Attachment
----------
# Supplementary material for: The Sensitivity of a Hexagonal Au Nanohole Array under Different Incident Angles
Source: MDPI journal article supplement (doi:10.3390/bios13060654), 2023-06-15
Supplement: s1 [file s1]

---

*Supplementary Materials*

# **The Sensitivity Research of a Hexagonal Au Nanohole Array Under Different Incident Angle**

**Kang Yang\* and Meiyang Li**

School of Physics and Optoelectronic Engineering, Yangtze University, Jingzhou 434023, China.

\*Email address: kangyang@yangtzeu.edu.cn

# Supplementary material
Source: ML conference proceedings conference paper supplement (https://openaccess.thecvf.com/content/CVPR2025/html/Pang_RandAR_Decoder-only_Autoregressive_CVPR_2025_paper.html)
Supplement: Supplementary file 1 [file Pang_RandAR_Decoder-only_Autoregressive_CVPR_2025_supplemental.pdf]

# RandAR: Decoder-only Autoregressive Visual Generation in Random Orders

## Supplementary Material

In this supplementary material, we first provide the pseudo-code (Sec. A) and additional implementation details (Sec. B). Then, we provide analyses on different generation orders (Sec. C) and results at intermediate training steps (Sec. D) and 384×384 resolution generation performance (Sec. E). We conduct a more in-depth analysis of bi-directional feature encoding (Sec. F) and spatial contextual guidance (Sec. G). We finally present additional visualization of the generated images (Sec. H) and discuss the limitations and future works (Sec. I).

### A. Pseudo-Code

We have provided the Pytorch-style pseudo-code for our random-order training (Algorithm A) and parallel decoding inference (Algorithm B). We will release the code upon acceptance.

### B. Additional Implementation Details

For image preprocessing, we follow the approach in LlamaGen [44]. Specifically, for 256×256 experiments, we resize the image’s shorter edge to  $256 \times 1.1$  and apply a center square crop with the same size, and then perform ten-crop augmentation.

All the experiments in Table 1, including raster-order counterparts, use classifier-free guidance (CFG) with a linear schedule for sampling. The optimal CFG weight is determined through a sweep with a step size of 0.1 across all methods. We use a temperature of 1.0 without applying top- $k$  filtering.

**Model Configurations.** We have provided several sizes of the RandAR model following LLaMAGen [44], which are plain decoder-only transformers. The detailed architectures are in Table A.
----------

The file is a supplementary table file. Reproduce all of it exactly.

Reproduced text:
# Supplementary material for: The Sensitivity of a Hexagonal Au Nanohole Array under Different Incident Angles
Source: MDPI journal article supplement (doi:10.3390/bios13060654), 2023-06-15
Supplement: s1 [file s1]

---

*Supplementary Materials*

# **The Sensitivity Research of a Hexagonal Au Nanohole Array Under Different Incident Angle**

**Kang Yang\* and Meiyang Li**

School of Physics and Optoelectronic Engineering, Yangtze University, Jingzhou 434023, China.

\*Email address: kangyang@yangtzeu.edu.cn

# Supplementary material
Source: ML conference proceedings conference paper supplement (https://openaccess.thecvf.com/content/CVPR2025/html/Pang_RandAR_Decoder-only_Autoregressive_CVPR_2025_paper.html)
Supplement: Supplementary file 1 [file Pang_RandAR_Decoder-only_Autoregressive_CVPR_2025_supplemental.pdf]

# RandAR: Decoder-only Autoregressive Visual Generation in Random Orders

## Supplementary Material

In this supplementary material, we first provide the pseudo-code (Sec. A) and additional implementation details (Sec. B). Then, we provide analyses on different generation orders (Sec. C) and results at intermediate training steps (Sec. D) and 384×384 resolution generation performance (Sec. E). We conduct a more in-depth analysis of bi-directional feature encoding (Sec. F) and spatial contextual guidance (Sec. G). We finally present additional visualization of the generated images (Sec. H) and discuss the limitations and future works (Sec. I).

### A. Pseudo-Code

We have provided the Pytorch-style pseudo-code for our random-order training (Algorithm A) and parallel decoding inference (Algorithm B). We will release the code upon acceptance.

### B. Additional Implementation Details

For image preprocessing, we follow the approach in LlamaGen [44]. Specifically, for 256×256 experiments, we resize the image’s shorter edge to  $256 \times 1.1$  and apply a center square crop with the same size, and then perform ten-crop augmentation.

All the experiments in Table 1, including raster-order counterparts, use classifier-free guidance (CFG) with a linear schedule for sampling. The optimal CFG weight is determined through a sweep with a step size of 0.1 across all methods. We use a temperature of 1.0 without applying top- $k$  filtering.

**Model Configurations.** We have provided several sizes of the RandAR model following LLaMAGen [44], which are plain decoder-only transformers. The detailed architectures are in Table A.